14. The Soviets sought to remove Walter Ulbricht as the General Secretary of the SED
On June 24, the senior Soviet ministers in East Berlin, led by Semyonov, reported their findings regarding the uprising to Moscow. The report whitewashed their own culpability over policies which preceded the strikes and placed the blame on Ulbricht. Ulbricht had long aligned himself with the policies of Josef Stalin, and with the Soviet dictator dead had few allies in Moscow. When the East German Politburo met in early July, Ulbricht found he had little support there as well. Once again, events in Moscow took precedence over those in East Germany. On June 26, Stalin’s longtime enforcer and executioner, Lavrenty Berea was arrested. The arrest took place as Nikita Khrushchev seized power in the Soviet Union. The coup elevating Khrushchev shook the Soviet power structure, and a decision to maintain the Ulbricht in East Berlin came as a result.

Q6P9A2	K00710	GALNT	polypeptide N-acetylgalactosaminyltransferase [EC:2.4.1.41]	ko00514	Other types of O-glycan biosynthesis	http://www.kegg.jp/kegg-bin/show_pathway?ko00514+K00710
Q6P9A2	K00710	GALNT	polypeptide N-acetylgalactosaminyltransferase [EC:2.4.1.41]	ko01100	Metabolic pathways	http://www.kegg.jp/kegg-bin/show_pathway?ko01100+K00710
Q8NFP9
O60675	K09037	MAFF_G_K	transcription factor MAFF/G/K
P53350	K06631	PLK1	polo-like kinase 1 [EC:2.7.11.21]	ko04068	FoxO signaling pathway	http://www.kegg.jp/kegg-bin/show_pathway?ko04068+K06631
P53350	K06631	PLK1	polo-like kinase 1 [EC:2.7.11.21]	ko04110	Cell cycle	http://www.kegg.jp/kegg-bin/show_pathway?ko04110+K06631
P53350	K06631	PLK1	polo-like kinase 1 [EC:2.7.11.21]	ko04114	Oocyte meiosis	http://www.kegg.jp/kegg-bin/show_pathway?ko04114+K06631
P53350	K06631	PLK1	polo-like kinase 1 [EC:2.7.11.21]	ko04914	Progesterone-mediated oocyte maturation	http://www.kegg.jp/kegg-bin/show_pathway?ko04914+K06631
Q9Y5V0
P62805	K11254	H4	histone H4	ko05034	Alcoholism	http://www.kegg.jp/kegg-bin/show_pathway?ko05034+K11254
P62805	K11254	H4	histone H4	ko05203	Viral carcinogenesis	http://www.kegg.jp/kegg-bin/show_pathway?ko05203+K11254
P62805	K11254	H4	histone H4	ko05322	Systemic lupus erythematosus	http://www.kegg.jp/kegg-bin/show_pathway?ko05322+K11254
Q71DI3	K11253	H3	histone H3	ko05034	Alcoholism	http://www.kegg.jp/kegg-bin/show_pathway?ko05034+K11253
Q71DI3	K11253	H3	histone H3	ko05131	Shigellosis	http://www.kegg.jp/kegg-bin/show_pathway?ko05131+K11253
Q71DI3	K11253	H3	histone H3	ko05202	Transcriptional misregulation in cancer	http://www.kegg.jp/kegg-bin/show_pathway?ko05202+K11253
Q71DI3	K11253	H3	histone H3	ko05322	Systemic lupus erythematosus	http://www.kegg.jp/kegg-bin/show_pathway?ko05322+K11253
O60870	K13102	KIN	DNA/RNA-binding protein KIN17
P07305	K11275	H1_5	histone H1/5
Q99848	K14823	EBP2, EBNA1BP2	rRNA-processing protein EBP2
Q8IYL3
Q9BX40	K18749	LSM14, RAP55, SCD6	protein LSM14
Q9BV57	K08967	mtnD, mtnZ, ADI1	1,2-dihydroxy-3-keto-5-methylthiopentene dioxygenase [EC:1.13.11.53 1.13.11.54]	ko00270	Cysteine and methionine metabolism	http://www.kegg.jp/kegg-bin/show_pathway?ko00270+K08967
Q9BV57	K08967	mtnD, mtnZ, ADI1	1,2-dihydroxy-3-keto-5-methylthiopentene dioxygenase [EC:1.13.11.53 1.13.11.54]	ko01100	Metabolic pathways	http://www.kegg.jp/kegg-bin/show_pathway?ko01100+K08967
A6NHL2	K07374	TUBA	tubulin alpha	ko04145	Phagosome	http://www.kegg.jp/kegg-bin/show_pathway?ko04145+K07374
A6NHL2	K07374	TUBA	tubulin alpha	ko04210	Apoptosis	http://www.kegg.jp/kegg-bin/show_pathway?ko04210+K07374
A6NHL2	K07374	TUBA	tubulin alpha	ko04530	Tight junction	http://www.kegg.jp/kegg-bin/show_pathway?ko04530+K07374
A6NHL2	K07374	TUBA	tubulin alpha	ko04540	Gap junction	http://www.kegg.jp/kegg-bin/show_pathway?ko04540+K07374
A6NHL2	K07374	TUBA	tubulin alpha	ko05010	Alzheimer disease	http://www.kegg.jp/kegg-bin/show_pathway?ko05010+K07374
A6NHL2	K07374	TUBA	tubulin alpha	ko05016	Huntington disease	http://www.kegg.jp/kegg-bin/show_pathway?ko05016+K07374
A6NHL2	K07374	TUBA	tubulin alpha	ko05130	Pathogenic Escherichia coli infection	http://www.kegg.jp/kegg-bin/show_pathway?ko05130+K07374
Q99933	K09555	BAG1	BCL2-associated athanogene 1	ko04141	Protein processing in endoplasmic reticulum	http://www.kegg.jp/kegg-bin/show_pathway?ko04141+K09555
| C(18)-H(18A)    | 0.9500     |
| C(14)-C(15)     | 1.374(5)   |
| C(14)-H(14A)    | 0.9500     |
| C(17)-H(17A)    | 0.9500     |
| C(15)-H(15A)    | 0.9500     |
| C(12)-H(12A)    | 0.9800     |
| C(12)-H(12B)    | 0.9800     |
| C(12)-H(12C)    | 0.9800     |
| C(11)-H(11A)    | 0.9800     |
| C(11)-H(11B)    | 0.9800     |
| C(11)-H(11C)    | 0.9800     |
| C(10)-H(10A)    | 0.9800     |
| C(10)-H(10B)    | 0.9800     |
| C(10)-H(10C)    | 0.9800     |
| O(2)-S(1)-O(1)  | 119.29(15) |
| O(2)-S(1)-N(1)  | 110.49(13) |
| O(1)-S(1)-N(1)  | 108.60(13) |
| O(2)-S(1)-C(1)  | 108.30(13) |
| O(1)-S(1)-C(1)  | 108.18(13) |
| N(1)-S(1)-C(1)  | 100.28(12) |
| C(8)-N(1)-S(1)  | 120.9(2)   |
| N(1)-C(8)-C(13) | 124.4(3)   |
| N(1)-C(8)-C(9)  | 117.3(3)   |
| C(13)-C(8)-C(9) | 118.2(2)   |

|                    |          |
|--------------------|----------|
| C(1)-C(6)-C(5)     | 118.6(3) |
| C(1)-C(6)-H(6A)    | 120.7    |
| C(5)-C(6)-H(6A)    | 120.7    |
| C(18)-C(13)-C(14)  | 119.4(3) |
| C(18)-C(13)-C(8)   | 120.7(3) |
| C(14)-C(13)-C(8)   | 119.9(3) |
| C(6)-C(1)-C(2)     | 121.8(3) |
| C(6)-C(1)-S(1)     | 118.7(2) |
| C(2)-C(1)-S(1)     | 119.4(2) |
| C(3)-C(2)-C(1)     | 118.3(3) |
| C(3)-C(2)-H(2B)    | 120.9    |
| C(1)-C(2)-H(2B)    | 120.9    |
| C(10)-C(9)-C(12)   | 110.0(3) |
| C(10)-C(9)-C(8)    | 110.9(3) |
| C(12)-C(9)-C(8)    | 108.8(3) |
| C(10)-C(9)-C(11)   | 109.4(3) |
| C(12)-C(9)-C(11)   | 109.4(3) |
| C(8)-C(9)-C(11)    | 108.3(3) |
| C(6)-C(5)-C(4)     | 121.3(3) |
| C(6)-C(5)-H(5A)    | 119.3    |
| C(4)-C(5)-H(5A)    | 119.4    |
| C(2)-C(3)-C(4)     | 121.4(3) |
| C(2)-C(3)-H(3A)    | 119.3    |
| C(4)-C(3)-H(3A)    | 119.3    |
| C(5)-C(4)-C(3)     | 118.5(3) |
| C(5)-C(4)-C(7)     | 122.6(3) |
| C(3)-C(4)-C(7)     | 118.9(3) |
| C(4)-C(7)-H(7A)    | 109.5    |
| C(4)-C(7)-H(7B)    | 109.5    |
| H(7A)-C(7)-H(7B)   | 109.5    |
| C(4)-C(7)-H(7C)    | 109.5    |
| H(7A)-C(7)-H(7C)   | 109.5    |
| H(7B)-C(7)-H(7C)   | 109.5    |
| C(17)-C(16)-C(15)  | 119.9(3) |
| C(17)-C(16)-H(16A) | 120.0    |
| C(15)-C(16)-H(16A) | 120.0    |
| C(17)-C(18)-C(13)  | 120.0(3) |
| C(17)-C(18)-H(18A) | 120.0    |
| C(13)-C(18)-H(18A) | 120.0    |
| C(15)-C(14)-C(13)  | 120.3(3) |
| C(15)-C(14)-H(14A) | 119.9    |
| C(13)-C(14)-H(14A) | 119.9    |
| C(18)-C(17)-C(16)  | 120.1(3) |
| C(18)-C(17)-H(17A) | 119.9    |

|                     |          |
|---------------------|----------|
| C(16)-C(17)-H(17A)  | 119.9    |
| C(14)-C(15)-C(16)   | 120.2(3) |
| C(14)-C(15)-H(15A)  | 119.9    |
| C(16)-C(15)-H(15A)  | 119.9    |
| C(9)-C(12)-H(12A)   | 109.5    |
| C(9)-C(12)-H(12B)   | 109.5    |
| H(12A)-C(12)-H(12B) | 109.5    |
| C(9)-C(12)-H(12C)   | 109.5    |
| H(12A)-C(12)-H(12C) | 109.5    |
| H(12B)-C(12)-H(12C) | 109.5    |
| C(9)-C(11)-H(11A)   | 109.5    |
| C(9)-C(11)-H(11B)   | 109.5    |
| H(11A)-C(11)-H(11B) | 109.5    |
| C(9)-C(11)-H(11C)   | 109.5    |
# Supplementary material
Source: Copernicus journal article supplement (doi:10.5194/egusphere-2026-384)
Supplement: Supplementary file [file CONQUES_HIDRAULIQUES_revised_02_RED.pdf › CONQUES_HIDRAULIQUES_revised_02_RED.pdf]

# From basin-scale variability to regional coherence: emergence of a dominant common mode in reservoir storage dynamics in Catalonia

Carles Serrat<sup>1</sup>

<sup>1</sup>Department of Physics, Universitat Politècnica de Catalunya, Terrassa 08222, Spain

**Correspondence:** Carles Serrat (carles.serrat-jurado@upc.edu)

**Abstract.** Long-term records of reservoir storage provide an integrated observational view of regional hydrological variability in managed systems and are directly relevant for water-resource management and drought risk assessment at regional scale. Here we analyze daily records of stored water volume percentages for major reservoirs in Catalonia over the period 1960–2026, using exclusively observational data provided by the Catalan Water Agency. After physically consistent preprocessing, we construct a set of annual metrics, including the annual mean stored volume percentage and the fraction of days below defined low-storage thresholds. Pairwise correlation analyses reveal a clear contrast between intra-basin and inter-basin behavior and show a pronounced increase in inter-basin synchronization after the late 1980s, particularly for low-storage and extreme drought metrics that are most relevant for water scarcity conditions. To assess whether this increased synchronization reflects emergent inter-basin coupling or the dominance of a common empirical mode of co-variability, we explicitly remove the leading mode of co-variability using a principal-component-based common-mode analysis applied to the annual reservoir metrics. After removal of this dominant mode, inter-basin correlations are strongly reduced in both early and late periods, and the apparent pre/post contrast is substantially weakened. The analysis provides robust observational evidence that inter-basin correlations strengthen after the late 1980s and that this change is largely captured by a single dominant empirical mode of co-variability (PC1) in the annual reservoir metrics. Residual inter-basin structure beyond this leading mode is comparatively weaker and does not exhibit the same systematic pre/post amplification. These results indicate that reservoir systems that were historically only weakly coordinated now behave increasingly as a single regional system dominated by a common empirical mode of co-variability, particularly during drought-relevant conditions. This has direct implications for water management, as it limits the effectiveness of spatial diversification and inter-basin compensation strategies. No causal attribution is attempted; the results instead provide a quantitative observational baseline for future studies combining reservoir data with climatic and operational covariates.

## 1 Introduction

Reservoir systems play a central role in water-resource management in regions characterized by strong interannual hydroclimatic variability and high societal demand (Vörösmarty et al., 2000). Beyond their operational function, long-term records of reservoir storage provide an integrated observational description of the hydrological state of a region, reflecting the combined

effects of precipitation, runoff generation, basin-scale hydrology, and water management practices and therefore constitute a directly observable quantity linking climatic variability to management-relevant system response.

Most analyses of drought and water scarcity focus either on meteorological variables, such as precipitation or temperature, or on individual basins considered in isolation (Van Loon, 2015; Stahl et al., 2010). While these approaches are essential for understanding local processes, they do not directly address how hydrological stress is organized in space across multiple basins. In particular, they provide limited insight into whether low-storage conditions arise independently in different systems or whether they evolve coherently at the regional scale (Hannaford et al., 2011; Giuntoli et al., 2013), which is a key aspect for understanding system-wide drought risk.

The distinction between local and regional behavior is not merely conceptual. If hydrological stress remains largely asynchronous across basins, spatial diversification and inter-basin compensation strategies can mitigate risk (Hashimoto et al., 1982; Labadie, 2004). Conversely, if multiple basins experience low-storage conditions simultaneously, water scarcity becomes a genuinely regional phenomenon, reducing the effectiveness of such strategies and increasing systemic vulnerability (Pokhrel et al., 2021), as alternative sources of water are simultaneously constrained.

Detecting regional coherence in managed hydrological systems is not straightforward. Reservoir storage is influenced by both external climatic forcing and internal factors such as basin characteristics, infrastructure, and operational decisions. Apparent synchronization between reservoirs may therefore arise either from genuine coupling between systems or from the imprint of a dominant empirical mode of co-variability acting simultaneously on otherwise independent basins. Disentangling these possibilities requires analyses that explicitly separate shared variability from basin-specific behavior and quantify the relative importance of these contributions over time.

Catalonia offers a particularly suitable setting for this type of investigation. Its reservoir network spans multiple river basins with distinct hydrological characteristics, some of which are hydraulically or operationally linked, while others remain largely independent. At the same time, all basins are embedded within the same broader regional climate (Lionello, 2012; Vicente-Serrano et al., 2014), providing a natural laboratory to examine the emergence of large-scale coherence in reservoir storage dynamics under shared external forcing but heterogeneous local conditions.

Encouraged by events in Moscow, Ulbricht took steps to consolidate his own power in East Germany. He managed to expel his opponents in the Politburo, and despite his growing unpopularity retained his hold on the SED. Meanwhile, the Soviet crackdown on access to East Berlin led to ever more evident shortages of food and medicines in the city. By early July food shortages reached a crisis level. Intelligence sources relayed the food crisis to their agencies in the United States and Great Britain. John Foster Dulles, US Secretary of State, devised a relief program to aid the city which had only weeks before arisen in protest against their government and the Soviets. On July 10, President Eisenhower announced the program, scheduled to begin on July 27. The United States pledged $15 million of food, to be sent to West Berlin for distribution to the East.